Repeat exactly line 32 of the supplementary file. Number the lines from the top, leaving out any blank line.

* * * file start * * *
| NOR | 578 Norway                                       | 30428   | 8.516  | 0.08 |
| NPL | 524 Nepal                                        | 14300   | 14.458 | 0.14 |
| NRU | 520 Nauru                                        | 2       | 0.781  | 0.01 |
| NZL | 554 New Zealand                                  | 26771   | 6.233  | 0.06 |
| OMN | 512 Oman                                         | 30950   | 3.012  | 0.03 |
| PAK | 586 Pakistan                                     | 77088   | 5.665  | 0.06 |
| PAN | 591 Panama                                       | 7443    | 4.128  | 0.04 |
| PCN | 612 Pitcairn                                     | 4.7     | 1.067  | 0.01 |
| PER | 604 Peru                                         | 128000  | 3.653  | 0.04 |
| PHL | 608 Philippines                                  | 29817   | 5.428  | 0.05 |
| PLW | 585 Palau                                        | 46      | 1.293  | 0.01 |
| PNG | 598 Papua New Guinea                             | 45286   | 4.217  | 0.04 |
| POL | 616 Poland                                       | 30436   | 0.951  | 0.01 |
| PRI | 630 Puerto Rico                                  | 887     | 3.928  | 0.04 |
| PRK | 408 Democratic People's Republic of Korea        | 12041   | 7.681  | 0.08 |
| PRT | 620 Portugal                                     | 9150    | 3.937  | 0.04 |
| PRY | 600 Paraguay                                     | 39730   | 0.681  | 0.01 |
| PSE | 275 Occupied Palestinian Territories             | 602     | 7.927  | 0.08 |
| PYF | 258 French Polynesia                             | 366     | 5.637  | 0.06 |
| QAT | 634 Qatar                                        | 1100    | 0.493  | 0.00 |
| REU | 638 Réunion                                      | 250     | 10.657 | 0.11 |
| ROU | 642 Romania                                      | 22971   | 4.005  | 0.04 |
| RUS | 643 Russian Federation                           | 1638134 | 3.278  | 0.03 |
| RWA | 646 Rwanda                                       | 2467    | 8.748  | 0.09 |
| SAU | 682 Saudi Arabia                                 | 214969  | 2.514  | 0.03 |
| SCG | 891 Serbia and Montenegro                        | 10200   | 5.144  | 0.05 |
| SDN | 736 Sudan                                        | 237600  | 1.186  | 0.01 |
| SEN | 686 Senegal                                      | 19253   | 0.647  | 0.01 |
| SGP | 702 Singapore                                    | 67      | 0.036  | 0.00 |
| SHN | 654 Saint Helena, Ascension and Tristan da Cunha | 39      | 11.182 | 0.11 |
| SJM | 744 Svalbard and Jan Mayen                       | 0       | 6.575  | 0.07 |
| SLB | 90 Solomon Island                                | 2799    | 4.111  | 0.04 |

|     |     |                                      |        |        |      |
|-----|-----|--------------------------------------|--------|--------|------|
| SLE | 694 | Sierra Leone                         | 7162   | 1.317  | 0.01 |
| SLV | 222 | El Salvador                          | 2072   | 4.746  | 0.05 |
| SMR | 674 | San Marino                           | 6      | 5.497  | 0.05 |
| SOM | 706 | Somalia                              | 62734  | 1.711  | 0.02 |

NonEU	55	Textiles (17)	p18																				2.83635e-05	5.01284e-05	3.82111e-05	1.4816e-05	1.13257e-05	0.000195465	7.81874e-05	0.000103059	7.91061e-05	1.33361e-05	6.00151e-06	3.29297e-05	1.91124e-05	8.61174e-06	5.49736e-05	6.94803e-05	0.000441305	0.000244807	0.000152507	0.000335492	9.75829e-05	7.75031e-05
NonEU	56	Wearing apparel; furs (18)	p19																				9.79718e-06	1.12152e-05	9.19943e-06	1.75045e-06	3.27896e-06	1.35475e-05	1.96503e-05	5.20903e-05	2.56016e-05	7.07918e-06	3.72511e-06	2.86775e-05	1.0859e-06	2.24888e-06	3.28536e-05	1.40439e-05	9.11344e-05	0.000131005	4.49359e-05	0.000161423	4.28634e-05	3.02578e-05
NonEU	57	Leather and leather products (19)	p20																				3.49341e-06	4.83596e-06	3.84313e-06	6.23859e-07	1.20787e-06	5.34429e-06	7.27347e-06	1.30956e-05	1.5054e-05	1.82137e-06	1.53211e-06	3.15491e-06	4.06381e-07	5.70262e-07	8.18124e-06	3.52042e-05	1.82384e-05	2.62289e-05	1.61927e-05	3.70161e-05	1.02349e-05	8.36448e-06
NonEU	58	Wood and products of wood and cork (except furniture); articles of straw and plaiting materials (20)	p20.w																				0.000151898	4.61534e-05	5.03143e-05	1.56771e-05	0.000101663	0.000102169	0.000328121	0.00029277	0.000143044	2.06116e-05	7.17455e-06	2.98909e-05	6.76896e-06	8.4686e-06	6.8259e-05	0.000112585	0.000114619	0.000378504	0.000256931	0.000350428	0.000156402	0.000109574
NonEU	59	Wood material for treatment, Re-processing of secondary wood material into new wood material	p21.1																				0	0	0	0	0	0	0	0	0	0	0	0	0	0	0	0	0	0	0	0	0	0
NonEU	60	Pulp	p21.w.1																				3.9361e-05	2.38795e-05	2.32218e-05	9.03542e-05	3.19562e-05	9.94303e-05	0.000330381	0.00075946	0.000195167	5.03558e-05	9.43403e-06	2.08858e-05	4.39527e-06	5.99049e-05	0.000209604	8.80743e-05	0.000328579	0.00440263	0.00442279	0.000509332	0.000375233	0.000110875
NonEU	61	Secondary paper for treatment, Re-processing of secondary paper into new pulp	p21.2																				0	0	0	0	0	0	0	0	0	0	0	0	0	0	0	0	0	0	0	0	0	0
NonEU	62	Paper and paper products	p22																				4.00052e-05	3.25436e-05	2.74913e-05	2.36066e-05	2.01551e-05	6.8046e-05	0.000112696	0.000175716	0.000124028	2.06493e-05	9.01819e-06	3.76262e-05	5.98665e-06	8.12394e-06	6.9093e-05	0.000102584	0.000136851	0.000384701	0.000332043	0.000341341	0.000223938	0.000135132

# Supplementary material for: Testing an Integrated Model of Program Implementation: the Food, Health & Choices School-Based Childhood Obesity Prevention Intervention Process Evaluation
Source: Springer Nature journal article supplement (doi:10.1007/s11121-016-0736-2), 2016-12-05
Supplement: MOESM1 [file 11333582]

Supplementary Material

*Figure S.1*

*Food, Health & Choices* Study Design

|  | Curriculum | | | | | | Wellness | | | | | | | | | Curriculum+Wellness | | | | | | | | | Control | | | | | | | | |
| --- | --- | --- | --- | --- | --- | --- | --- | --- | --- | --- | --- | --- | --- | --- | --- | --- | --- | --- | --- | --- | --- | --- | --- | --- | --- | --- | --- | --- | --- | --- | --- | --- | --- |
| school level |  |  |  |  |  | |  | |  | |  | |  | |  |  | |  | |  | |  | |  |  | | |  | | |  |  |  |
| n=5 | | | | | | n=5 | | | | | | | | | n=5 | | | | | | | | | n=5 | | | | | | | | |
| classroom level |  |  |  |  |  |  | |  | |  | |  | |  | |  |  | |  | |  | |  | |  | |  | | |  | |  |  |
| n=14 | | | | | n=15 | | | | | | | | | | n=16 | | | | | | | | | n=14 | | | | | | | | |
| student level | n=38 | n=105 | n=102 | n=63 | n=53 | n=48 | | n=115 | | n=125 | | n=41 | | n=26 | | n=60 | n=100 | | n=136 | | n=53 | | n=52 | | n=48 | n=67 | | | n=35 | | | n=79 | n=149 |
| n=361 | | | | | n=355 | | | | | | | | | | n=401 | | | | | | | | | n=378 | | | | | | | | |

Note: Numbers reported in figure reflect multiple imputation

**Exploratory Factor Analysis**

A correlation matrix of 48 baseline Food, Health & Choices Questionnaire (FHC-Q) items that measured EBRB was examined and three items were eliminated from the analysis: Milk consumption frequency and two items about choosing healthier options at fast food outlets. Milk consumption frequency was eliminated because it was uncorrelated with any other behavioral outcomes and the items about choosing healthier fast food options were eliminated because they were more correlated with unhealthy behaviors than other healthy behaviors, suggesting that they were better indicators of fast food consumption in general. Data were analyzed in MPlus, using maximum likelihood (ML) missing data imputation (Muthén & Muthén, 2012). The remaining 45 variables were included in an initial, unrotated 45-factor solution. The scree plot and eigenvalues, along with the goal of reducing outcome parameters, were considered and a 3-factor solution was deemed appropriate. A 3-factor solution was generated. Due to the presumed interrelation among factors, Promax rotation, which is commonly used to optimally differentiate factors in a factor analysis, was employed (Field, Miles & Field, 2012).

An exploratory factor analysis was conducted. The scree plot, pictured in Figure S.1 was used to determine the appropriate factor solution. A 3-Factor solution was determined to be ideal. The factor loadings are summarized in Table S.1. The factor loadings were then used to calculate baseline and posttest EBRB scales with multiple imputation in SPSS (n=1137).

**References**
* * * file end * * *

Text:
| SLB | 90 Solomon Island                                | 2799    | 4.111  | 0.04 |